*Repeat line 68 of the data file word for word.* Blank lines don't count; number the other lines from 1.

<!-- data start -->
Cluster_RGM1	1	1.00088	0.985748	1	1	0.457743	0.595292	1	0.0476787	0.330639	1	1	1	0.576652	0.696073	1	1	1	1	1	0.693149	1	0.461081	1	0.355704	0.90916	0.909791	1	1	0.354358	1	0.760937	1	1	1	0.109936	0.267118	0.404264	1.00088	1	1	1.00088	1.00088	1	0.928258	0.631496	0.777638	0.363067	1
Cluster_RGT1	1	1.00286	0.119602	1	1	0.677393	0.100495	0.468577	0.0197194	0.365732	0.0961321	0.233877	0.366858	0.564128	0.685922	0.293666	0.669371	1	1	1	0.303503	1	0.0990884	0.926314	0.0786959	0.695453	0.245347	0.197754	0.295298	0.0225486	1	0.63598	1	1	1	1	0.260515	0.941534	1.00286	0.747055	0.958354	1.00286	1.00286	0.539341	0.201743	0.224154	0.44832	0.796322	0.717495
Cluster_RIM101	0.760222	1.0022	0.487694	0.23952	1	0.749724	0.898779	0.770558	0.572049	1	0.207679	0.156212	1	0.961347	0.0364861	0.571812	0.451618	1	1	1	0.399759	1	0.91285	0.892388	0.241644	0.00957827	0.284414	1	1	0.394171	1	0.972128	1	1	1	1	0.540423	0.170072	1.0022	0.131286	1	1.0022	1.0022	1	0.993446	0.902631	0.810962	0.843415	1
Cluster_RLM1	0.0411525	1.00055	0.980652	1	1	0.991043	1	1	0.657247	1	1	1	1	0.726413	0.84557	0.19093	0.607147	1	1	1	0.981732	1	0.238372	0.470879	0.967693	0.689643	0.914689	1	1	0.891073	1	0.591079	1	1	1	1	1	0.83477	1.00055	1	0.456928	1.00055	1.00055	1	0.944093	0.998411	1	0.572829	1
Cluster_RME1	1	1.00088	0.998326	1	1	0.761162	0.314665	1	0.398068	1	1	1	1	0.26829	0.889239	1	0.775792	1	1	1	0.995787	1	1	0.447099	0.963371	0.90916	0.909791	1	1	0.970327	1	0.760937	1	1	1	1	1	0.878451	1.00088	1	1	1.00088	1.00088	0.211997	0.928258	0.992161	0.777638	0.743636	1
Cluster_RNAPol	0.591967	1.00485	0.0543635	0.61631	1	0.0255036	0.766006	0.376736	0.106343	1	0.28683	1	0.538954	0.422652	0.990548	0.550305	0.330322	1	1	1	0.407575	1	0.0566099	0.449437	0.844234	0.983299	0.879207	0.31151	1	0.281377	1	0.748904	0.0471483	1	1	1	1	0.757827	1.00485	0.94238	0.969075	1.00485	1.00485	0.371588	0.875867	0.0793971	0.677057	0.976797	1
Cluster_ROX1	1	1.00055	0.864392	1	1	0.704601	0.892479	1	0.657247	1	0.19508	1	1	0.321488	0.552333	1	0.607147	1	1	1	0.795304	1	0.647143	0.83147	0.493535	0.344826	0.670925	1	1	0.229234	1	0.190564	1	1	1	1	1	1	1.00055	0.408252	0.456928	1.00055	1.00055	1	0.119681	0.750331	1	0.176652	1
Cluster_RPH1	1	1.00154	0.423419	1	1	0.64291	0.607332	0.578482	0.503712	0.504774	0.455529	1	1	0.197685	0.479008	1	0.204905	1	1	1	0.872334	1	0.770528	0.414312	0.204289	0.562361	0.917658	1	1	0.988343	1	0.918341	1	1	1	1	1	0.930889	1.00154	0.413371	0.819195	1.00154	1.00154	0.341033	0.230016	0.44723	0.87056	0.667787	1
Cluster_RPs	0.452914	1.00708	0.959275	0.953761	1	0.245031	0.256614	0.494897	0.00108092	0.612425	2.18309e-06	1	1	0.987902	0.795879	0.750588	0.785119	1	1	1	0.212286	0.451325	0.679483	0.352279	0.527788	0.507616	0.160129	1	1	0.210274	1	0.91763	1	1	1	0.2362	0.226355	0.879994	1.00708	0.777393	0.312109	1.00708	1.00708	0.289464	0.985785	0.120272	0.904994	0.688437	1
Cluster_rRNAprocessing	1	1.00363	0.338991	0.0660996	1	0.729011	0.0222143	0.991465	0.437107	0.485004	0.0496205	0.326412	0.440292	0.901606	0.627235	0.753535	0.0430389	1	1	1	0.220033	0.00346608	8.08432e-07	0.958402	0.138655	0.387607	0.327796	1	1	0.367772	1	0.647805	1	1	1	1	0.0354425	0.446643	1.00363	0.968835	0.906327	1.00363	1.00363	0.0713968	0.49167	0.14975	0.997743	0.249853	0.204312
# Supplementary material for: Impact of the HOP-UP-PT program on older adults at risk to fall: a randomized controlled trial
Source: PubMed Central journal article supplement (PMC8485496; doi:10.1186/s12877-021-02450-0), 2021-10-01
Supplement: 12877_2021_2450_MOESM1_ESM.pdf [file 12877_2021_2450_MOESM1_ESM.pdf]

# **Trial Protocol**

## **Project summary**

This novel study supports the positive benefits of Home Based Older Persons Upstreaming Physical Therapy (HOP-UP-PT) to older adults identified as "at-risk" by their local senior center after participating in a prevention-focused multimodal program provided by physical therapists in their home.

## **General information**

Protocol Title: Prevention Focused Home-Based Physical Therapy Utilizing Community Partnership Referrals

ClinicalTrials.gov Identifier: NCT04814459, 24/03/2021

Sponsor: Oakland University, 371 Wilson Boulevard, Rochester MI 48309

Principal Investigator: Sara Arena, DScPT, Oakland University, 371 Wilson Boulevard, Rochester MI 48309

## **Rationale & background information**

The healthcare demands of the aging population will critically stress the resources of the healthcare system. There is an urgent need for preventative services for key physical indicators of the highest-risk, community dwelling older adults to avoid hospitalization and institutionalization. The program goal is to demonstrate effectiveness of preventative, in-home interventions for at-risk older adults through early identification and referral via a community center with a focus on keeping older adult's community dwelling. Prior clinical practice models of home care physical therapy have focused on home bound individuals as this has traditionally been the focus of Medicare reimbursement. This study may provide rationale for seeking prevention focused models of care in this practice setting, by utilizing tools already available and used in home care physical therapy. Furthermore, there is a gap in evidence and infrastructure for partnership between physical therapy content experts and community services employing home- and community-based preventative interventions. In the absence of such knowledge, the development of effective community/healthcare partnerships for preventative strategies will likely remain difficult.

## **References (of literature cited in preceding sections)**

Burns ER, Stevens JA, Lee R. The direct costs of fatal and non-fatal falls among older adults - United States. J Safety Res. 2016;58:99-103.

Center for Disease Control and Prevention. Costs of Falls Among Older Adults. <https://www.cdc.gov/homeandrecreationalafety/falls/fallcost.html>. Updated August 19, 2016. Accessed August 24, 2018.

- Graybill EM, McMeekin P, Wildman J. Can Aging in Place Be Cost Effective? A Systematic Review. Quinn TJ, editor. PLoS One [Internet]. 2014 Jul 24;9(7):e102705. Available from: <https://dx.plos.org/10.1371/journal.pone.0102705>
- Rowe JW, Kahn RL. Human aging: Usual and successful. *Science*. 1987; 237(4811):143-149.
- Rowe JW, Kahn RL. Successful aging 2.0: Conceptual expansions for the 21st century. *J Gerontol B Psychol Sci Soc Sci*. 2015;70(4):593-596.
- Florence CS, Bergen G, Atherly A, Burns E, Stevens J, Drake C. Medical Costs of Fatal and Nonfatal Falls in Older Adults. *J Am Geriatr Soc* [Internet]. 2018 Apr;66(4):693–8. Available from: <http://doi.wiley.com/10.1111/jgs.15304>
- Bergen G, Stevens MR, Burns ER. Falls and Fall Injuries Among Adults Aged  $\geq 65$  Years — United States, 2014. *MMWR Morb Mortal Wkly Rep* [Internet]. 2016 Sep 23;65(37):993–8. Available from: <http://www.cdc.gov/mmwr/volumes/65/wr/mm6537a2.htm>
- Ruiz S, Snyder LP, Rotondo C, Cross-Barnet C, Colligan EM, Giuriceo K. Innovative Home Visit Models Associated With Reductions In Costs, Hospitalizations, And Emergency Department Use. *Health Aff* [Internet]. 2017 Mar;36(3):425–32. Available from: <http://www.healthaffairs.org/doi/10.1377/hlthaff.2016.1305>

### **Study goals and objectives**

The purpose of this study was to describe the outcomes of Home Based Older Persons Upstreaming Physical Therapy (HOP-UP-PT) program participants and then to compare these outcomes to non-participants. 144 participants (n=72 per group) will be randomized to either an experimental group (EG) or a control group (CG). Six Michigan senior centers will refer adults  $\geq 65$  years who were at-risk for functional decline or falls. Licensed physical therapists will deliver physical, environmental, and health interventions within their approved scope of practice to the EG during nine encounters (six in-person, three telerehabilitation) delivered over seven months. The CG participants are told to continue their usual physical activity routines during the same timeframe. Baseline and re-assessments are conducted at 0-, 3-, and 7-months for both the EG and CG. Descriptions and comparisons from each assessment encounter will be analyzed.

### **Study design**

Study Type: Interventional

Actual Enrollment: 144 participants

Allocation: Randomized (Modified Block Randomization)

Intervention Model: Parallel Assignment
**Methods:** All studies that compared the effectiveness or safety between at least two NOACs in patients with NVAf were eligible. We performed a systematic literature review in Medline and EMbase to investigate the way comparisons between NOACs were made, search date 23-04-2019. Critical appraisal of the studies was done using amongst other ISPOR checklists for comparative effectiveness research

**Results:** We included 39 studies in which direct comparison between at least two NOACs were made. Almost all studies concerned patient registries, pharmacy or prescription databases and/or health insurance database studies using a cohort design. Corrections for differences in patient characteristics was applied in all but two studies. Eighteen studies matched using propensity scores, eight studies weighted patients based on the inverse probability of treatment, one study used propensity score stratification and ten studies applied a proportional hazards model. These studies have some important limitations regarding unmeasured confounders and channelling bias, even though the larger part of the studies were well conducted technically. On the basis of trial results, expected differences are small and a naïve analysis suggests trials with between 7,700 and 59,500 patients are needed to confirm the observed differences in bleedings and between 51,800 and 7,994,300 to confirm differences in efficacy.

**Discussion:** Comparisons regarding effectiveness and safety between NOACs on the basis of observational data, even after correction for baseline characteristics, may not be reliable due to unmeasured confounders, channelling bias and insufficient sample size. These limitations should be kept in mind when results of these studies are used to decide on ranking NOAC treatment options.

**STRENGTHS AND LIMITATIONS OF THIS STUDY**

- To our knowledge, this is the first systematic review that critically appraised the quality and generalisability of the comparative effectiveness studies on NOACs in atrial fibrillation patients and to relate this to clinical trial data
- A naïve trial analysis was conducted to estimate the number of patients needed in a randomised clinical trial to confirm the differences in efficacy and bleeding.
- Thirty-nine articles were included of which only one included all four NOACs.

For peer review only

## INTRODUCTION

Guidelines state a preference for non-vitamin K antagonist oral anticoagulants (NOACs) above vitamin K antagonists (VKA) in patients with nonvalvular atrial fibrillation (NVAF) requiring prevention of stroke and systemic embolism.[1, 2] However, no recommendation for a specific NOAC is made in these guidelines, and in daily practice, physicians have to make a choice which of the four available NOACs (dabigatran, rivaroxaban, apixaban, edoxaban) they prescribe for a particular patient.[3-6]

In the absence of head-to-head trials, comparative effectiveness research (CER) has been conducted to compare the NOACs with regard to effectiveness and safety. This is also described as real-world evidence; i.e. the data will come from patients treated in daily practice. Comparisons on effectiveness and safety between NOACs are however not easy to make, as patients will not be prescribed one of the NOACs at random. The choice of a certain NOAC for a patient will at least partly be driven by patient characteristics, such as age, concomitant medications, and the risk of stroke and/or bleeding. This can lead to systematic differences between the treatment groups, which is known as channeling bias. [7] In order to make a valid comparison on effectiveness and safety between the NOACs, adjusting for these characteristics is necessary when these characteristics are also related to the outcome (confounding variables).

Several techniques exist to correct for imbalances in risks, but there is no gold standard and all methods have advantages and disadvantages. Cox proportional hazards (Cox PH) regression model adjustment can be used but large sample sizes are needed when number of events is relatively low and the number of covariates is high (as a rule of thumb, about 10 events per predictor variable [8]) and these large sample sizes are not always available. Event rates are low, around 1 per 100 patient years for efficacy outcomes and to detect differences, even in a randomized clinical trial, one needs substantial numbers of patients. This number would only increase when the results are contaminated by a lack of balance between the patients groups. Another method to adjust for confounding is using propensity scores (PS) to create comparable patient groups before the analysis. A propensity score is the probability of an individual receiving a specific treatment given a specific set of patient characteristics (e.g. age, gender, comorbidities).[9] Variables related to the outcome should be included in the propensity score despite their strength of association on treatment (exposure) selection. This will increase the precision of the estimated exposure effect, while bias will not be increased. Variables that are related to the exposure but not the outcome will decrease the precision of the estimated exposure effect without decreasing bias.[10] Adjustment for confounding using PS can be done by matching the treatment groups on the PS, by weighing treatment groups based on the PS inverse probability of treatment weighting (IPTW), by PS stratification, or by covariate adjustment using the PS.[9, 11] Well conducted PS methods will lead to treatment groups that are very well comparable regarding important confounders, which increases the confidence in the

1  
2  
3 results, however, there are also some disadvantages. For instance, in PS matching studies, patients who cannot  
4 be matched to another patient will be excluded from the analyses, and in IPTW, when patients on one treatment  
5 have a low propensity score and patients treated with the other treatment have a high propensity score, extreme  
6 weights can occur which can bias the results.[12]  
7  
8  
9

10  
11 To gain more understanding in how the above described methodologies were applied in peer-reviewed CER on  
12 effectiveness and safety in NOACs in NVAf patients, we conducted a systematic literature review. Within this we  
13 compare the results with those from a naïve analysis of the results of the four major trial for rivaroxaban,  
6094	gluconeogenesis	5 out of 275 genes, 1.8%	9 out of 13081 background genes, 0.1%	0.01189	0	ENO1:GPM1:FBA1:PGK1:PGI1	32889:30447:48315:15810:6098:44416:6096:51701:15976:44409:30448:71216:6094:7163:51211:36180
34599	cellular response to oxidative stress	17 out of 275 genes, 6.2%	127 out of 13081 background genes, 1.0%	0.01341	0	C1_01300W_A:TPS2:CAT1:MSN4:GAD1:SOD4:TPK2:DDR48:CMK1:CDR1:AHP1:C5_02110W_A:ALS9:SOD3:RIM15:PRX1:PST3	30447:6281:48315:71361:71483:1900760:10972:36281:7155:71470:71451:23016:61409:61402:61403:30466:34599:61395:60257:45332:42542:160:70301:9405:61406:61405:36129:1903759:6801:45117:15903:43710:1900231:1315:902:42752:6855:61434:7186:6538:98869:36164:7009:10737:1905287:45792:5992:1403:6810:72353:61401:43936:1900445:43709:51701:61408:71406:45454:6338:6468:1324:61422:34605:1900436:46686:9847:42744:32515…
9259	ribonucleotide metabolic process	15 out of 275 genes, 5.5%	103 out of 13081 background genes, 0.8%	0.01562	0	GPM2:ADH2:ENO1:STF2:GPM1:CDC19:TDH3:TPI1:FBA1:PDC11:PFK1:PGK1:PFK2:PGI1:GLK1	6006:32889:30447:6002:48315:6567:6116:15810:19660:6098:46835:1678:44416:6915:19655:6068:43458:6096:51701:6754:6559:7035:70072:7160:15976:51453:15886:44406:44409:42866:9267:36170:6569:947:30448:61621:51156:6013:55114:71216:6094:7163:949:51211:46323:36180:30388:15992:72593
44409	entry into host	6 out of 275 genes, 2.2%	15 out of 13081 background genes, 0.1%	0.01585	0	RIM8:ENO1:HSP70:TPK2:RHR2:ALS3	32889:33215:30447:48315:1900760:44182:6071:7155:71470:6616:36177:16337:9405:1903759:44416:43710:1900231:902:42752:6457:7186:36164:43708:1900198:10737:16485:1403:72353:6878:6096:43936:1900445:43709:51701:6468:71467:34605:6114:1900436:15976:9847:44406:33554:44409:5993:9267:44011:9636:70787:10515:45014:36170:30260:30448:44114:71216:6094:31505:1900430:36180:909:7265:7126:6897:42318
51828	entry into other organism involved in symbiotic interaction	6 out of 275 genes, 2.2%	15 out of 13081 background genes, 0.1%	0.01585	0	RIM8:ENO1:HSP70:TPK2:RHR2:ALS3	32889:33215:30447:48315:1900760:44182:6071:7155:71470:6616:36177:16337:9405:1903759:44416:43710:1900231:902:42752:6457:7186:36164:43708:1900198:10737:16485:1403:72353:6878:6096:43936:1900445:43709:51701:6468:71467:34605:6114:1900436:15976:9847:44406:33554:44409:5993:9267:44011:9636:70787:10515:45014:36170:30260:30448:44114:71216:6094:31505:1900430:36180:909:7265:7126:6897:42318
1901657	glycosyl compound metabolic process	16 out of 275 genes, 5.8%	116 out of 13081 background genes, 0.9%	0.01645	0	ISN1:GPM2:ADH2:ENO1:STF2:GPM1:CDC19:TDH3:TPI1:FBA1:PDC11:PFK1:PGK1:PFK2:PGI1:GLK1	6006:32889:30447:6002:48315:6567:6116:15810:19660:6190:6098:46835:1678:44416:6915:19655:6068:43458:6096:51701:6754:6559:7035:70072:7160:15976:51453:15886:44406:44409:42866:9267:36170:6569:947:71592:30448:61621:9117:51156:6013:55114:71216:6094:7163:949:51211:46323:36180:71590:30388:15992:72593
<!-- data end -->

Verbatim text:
44409	entry into host	6 out of 275 genes, 2.2%	15 out of 13081 background genes, 0.1%	0.01585	0	RIM8:ENO1:HSP70:TPK2:RHR2:ALS3	32889:33215:30447:48315:1900760:44182:6071:7155:71470:6616:36177:16337:9405:1903759:44416:43710:1900231:902:42752:6457:7186:36164:43708:1900198:10737:16485:1403:72353:6878:6096:43936:1900445:43709:51701:6468:71467:34605:6114:1900436:15976:9847:44406:33554:44409:5993:9267:44011:9636:70787:10515:45014:36170:30260:30448:44114:71216:6094:31505:1900430:36180:909:7265:7126:6897:42318